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Figure 4. Working configuration of the 3-DOF upper-limb exoskeleton. (a) Top view; and (b) right view.
Figure 4. Working configuration of the 3-DOF upper-limb exoskeleton. (a) Top view; and (b) right view.
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Figure 5. Distance between the end-effector and shoulder joint: (a) 5-DOF upper-limb exoskeleton; and (b) 3-DOF upper-limb exoskeleton.
Figure 5. Distance between the end-effector and shoulder joint: (a) 5-DOF upper-limb exoskeleton; and (b) 3-DOF upper-limb exoskeleton.
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Figure 6. Kinematic configuration and coordinate of the 5-DOF upper-limb exoskeleton.
Figure 6. Kinematic configuration and coordinate of the 5-DOF upper-limb exoskeleton.
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Figure 7. The workspace of the right arm of the 5-DOF upper-limb exoskeleton (mm): (a) Isometric view; and (b) right view.
Figure 7. The workspace of the right arm of the 5-DOF upper-limb exoskeleton (mm): (a) Isometric view; and (b) right view.
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Figure 8. Inverse kinematics workspace (mm): (a) Isometric view; and (b) right view.
Figure 8. Inverse kinematics workspace (mm): (a) Isometric view; and (b) right view.
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Figure 9. End-effector trajectory: (a) Raising-up; and (b) Lateral-lifting.
Figure 9. End-effector trajectory: (a) Raising-up; and (b) Lateral-lifting.
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Figure 10. Joint torque curves of raising up for the 3-DOF exoskeleton.
Figure 10. Joint torque curves of raising up for the 3-DOF exoskeleton.
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Figure 11. Joint torque curves of raising up for the 5-DOF exoskeleton.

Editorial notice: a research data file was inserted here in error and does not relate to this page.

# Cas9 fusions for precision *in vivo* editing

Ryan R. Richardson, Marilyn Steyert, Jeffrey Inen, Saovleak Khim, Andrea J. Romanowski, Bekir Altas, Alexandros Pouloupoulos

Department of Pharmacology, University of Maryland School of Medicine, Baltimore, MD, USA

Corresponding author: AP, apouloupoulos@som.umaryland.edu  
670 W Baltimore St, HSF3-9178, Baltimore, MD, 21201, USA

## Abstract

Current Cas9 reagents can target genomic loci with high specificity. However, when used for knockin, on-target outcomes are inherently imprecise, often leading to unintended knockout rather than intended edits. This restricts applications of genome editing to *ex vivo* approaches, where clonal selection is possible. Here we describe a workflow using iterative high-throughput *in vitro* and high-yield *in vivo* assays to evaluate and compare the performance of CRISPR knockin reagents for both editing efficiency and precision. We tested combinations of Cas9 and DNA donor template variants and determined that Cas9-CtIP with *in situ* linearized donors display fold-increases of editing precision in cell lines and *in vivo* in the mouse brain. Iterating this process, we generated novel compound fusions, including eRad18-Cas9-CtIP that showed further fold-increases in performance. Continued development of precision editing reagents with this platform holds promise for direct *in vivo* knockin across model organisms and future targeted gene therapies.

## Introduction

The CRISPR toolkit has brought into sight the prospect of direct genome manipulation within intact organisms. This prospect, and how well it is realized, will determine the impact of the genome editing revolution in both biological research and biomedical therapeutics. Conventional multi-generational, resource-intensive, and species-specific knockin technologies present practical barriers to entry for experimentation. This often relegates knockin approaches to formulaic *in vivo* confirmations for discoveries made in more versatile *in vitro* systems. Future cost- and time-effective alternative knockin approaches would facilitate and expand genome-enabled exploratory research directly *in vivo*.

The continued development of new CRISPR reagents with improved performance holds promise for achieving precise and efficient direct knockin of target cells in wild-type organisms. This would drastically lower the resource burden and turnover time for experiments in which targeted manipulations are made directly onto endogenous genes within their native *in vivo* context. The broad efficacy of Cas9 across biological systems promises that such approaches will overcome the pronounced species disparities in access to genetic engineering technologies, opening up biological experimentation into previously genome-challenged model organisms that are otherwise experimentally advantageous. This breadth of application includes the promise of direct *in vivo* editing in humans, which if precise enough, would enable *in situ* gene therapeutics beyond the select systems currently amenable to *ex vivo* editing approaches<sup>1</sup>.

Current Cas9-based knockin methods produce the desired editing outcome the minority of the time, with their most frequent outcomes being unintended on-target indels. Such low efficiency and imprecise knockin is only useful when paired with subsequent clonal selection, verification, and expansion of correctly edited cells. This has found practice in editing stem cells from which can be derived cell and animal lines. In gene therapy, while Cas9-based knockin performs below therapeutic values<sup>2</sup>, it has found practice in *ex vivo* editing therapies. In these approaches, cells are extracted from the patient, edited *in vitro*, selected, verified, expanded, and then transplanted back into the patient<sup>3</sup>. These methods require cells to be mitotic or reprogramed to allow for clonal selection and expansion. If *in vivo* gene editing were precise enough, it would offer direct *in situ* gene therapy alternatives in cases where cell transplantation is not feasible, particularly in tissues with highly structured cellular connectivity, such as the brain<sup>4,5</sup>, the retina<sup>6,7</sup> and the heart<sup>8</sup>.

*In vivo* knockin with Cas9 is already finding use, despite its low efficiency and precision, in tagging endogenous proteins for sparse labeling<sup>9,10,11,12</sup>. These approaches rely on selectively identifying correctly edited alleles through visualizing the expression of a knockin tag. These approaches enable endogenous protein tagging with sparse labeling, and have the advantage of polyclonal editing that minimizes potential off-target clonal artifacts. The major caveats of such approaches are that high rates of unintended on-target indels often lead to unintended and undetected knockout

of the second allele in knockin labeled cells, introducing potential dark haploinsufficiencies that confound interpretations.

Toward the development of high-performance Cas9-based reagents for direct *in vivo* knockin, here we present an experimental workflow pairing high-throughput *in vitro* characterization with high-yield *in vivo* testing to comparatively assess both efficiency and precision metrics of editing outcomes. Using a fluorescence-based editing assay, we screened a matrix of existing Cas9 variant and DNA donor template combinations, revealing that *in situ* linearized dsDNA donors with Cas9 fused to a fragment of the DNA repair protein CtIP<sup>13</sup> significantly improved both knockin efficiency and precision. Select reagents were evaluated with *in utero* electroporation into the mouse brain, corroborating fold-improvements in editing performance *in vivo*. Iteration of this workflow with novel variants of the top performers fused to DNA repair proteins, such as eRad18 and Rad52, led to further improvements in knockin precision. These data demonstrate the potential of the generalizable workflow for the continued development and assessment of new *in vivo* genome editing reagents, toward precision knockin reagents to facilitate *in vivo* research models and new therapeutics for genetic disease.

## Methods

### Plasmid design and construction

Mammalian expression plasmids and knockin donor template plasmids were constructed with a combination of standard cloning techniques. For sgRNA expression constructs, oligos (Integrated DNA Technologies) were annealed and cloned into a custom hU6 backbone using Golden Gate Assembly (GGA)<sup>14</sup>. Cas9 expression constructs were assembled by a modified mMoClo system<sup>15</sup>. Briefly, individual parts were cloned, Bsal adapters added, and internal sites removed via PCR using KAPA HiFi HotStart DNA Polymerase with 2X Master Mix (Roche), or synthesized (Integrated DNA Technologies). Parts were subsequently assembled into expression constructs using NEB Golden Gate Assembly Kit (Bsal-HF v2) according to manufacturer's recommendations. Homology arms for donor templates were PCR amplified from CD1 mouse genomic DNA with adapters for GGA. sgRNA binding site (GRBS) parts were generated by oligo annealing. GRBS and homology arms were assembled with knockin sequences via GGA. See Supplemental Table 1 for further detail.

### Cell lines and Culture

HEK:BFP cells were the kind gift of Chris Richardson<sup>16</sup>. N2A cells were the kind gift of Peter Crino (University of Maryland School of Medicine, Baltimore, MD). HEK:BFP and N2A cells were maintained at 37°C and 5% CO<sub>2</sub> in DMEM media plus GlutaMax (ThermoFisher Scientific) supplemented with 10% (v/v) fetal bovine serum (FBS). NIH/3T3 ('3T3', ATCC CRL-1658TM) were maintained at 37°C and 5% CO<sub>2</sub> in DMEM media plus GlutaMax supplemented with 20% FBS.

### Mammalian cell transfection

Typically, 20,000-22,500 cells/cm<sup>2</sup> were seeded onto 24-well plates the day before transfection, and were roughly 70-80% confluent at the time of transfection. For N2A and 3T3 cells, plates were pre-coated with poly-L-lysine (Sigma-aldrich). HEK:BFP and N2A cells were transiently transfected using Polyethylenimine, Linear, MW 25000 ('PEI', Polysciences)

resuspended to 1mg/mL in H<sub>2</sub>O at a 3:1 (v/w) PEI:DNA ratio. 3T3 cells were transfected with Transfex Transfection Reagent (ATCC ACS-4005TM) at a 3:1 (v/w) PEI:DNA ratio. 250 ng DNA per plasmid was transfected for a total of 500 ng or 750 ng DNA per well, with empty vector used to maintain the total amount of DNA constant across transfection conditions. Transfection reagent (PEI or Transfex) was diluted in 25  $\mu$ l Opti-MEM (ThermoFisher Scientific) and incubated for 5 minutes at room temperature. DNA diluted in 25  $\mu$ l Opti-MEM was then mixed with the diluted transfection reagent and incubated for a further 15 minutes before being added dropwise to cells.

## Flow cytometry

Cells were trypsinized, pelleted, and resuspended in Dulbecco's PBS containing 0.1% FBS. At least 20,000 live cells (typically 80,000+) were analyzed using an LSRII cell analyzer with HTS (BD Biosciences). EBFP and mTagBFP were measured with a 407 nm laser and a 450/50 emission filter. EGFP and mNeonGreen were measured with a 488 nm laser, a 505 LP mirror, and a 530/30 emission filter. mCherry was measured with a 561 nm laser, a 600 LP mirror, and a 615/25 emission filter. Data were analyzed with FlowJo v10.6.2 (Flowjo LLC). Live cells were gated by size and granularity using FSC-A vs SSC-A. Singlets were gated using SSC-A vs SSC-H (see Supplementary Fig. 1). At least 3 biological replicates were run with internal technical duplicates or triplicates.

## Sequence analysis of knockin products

Figure 11. Joint torque curves of raising up for the 5-DOF exoskeleton.
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Figure 12. Joint torque curves of lateral lifting for the 3-DOF exoskeleton.
Figure 12. Joint torque curves of lateral lifting for the 3-DOF exoskeleton.
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Figure 13. Joint torque curves of lateral lifting for the 5-DOF exoskeleton.
Figure 13. Joint torque curves of lateral lifting for the 5-DOF exoskeleton.
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Figure 14. Joint power consumption curves of raising up for the 3-DOF exoskeleton.
Figure 14. Joint power consumption curves of raising up for the 3-DOF exoskeleton.
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Figure 15. Joint power consumption curves of raising up for the 5-DOF exoskeleton.
Figure 15. Joint power consumption curves of raising up for the 5-DOF exoskeleton.
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Figure 16. Joint power consumption curves of lateral lifting for the 3-DOF exoskeleton.
Figure 16. Joint power consumption curves of lateral lifting for the 3-DOF exoskeleton.
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Figure 17. Joint power consumption curves of lateral lifting for the 5-DOF exoskeleton.